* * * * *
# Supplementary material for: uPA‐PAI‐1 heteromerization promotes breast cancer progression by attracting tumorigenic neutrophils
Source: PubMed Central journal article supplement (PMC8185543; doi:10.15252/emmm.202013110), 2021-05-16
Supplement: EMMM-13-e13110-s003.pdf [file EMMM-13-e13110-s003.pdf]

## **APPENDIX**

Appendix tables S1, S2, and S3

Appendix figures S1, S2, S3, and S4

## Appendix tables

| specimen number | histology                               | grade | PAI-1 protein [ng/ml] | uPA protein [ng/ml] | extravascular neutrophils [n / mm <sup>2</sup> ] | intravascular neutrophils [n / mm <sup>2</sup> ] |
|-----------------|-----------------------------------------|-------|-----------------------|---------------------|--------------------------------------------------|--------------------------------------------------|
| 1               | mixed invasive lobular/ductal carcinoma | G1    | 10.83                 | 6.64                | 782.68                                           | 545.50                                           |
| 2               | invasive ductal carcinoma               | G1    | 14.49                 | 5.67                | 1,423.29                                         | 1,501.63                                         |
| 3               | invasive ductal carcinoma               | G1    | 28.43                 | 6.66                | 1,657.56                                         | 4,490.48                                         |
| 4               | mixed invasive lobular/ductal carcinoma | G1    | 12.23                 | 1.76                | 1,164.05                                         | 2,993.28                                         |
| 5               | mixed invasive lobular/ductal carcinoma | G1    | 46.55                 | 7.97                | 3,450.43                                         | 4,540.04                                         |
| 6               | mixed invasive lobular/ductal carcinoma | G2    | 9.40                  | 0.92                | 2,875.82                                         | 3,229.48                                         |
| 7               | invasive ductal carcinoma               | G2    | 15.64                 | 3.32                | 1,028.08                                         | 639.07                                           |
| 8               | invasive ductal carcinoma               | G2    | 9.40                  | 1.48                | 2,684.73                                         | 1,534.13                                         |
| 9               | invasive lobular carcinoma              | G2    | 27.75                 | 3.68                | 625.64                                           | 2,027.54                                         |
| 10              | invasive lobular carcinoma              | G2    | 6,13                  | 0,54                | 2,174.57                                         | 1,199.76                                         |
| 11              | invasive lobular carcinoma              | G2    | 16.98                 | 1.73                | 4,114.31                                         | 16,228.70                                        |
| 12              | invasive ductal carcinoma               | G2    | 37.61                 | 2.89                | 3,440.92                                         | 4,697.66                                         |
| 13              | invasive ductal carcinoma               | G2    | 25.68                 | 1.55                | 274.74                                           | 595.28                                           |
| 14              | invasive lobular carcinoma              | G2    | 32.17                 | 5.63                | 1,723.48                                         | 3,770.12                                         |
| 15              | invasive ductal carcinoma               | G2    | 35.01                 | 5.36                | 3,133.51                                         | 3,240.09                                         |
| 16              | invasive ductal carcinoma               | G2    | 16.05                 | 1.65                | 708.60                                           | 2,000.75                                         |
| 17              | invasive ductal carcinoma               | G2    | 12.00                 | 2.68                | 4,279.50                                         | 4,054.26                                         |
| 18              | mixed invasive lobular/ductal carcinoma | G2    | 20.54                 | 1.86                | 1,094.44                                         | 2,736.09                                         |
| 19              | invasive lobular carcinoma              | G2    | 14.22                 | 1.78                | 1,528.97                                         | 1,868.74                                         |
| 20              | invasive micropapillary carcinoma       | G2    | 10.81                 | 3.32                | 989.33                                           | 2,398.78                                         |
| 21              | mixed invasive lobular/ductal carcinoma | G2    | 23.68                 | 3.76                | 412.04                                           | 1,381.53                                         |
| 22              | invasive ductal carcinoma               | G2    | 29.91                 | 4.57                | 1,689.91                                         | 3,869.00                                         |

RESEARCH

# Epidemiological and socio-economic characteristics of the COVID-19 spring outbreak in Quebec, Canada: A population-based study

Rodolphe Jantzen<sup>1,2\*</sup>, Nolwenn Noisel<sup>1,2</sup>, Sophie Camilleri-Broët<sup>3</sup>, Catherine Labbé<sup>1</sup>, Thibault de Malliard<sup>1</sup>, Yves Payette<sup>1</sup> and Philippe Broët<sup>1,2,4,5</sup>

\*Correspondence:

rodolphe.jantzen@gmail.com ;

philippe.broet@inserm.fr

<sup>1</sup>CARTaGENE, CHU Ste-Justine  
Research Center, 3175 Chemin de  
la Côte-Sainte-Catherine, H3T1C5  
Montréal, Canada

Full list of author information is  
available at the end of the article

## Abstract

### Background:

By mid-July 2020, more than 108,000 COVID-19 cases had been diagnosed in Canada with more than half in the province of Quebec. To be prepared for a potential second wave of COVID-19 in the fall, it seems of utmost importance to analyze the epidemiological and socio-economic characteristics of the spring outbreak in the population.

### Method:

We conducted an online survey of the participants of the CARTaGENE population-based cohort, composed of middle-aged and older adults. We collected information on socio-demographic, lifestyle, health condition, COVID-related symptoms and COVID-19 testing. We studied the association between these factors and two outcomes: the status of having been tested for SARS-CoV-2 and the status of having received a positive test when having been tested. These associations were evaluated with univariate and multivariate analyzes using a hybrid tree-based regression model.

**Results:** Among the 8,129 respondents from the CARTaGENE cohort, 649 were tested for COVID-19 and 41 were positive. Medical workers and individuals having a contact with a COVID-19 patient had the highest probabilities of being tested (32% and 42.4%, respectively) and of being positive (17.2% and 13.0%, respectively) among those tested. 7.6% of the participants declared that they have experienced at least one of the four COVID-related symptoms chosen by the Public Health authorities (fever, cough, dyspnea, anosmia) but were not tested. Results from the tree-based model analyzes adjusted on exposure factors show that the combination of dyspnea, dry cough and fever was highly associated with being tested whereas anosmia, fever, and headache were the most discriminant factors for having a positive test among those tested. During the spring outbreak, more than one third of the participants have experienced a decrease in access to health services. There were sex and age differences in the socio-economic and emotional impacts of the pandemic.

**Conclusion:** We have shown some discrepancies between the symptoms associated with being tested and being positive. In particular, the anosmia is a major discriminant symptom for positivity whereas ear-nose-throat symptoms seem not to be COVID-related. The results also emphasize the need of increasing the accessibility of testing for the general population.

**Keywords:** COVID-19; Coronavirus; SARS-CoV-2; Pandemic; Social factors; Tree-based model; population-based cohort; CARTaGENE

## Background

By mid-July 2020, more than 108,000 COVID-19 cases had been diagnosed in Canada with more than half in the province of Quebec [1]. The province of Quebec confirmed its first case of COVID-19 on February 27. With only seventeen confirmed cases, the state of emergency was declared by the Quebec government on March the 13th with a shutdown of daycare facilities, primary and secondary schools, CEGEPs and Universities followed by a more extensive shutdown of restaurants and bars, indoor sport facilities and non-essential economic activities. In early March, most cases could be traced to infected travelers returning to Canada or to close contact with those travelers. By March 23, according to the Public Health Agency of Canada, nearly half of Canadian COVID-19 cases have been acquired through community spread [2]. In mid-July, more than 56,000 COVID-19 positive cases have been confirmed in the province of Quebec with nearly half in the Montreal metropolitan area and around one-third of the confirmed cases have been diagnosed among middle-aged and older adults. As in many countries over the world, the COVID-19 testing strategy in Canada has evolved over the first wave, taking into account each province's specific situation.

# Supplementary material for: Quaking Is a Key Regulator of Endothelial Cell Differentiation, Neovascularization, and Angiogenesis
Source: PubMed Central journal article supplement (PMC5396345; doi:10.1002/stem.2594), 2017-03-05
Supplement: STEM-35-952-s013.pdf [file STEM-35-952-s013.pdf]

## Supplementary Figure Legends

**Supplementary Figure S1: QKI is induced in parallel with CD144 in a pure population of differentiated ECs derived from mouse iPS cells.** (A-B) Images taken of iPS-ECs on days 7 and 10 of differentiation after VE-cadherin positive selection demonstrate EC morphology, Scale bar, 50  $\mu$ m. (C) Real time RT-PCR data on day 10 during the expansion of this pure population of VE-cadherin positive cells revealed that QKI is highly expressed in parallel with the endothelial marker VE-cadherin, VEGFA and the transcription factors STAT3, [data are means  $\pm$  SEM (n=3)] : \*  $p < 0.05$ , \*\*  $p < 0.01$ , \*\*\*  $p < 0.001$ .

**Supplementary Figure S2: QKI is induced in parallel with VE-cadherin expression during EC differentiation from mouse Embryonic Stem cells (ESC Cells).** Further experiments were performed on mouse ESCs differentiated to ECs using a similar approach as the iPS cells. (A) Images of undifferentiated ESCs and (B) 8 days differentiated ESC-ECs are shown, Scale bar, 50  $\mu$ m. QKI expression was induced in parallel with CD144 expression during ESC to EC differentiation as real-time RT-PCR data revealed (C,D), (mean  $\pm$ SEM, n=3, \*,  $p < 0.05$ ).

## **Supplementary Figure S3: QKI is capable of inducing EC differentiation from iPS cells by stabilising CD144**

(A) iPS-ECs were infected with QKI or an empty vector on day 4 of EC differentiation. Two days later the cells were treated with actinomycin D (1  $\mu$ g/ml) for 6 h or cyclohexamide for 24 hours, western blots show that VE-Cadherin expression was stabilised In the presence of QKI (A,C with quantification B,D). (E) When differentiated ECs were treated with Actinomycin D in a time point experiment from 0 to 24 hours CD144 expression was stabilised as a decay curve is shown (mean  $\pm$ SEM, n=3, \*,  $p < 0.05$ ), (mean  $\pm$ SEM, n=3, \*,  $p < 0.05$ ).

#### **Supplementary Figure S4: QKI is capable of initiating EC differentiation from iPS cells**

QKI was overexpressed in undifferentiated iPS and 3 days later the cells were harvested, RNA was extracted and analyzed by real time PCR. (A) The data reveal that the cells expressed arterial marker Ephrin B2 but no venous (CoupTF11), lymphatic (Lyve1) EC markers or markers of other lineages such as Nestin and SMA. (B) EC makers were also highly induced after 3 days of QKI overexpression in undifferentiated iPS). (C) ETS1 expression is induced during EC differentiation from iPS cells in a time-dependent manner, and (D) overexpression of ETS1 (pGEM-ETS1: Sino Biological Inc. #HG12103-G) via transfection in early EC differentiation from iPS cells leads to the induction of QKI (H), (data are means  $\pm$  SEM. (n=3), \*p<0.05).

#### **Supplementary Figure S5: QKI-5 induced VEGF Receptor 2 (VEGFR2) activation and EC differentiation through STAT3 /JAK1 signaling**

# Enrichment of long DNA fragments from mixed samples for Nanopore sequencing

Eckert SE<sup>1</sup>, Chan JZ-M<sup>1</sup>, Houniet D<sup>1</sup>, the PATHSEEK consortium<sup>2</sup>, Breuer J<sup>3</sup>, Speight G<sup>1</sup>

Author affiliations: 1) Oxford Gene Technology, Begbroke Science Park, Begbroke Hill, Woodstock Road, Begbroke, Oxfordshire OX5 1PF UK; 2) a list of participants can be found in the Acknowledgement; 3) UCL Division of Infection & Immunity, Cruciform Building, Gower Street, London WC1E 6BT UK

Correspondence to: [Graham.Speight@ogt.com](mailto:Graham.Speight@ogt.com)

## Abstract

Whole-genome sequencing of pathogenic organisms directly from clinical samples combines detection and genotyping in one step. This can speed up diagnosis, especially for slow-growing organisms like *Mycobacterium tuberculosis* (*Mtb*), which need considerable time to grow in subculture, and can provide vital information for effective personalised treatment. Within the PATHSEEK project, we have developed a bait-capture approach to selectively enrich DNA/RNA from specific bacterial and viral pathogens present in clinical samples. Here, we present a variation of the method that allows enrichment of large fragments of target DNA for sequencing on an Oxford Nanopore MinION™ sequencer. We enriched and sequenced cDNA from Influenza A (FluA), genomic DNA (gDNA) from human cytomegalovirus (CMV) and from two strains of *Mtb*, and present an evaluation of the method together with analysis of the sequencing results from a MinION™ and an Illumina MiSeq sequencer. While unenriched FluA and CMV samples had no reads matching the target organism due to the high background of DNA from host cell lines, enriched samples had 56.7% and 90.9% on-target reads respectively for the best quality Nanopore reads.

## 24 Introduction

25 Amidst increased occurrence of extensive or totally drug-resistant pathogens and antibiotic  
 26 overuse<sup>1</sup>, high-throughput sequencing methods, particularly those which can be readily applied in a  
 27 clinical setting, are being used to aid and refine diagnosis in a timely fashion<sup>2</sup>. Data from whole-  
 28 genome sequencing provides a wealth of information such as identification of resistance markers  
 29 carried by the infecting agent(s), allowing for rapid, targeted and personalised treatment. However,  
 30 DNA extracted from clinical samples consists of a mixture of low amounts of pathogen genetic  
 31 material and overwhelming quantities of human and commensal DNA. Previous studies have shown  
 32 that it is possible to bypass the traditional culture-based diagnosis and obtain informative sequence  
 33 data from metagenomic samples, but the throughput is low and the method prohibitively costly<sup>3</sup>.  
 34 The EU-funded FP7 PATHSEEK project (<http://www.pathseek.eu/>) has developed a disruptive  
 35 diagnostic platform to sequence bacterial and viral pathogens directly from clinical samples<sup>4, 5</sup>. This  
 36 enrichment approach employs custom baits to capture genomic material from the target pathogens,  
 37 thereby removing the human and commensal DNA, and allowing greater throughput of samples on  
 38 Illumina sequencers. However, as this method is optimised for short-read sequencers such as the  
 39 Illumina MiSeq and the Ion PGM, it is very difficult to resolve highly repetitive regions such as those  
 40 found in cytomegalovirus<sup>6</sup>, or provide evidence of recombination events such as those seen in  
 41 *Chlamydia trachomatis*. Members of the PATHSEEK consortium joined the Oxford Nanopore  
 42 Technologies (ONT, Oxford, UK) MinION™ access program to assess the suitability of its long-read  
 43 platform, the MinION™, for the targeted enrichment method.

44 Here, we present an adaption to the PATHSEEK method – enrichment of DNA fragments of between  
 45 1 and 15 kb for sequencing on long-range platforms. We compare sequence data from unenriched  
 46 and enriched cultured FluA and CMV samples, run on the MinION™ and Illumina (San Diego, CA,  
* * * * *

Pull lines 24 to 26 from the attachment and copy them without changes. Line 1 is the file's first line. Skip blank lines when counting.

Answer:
| 15              | invasive ductal carcinoma               | G2    | 35.01                 | 5.36                | 3,133.51                                         | 3,240.09                                         |
| 16              | invasive ductal carcinoma               | G2    | 16.05                 | 1.65                | 708.60                                           | 2,000.75                                         |
| 17              | invasive ductal carcinoma               | G2    | 12.00                 | 2.68                | 4,279.50                                         | 4,054.26                                         |